Judgment day for Canadian girls kidnappers set on November 24

An Accra High Court has set November 24, 2022, to deliver its judgment on the trial of four persons put before it for allegedly kidnapping two Canadian ladies in Kumasi in 2019.

Justice Lydia Osei Marfo, the trial judge, on July 1, 2022, ordered the prosecution and the defence lawyers to file their written addresses by July 28, 2022, to enable it set a date for the judgment.

However, both counsels failed to meet the deadline set by the court although Sefakor Batse, a Principal State Attorney who held brief for Winnifred Sarpong, told the court that the prosecution had filed its 77-page written address and went ahead to show a copy to the court.

The court subsequently set November 24, 2022, to deliver its judgment in the case in which the four have been arraigned for kidnapping the two young ladies and later demanded $800,000 from their parents as ransom. The accused, if found guilty by the court, could face up to 10 years’ imprisonment in hard labour.

Sampson Aghalor, 27, computer engineer; Elvis Ojiyorwe, 27, businessman and Jeff Omarsa, 28, Tiller – all Nigerians and their Ghanaian counterpart Yussif Yakubu, 28, are before the court charged with conspiracy and kidnapping contrary to the Criminal and Other Offences Act.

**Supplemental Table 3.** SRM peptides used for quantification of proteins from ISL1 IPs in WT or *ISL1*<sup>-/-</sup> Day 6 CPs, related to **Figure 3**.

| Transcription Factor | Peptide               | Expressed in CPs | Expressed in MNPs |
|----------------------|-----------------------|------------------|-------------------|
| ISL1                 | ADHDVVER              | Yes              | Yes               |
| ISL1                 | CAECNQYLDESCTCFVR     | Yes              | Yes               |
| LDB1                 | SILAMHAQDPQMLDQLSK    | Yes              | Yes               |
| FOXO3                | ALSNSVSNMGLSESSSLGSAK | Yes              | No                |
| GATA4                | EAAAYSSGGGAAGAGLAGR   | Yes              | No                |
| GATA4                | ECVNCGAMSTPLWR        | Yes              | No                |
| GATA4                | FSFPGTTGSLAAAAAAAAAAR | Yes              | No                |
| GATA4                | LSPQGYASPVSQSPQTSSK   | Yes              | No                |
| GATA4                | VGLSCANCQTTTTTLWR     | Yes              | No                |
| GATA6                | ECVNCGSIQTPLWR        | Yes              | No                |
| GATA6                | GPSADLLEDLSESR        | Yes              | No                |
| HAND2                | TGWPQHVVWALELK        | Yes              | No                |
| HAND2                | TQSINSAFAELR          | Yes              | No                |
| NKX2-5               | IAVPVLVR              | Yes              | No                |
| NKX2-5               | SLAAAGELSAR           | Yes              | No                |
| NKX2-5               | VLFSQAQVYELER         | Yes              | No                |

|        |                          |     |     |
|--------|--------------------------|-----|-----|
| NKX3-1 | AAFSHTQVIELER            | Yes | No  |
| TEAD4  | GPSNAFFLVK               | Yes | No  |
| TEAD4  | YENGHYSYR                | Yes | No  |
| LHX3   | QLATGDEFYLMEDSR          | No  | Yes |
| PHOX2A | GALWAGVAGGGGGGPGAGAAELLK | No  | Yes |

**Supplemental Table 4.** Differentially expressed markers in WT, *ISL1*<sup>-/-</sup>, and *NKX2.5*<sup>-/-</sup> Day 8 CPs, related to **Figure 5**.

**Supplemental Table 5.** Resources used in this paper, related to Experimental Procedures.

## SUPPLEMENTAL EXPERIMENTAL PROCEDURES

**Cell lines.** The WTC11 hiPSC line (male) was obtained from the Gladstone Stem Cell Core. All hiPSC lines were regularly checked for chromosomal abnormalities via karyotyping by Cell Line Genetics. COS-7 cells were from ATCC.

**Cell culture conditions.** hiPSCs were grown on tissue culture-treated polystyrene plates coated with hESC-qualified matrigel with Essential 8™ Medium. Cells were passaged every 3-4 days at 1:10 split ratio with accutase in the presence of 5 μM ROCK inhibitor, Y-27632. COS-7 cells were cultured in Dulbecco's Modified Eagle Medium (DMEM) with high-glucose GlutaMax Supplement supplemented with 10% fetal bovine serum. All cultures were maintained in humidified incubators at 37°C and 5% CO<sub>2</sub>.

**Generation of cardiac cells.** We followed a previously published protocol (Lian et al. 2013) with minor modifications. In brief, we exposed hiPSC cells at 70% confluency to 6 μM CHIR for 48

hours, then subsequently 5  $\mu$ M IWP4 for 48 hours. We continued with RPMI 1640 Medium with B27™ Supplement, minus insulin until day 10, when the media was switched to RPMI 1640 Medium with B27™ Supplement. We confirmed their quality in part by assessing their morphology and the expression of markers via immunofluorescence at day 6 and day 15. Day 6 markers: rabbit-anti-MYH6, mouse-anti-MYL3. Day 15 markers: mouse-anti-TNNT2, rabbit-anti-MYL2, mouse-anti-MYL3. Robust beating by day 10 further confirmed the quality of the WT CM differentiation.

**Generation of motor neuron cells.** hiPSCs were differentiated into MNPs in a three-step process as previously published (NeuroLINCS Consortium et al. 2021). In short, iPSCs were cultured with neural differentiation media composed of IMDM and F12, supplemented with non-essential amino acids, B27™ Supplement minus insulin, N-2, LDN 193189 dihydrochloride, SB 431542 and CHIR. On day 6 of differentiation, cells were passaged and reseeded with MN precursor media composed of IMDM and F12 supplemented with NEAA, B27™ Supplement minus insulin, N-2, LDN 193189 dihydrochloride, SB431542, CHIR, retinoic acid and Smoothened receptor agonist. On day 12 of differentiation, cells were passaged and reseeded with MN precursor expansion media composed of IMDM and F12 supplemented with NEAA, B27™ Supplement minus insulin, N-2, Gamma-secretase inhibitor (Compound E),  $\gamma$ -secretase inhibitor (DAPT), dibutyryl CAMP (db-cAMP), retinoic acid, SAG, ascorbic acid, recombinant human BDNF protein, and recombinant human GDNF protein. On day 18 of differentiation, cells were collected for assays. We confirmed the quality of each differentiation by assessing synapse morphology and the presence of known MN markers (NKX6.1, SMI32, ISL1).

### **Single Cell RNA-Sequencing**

An all-Ghanaian security operation led by the National Security in June 2019, rescued the two Canadian ladies who were abducted from the gates of their hostel in a Kumasi suburb two weeks earlier.

The kidnapping of the two ladies sparked public outrage in early June last year, and a National Security operation led to the dramatic release of the two ladies and subsequent arrests of eight suspects on June 11, 2019.

Eight persons were initially arrested but four of them were discharged as the prosecution decided to drop all charges against them after reviewing the investigations.

The accused persons are alleged to have demanded a ransom of $800,000 from the relatives of the victims and threatened to kill them if the money was not sent to them. They were said to have also touched the ladies inappropriately and threatened to have sex with them.

In a bid to get the parents to pay the ransom, the accused persons smeared the victims with the blood of a fowl, took pictures of them and forwarded them to their parents.

Source: Modern Ghana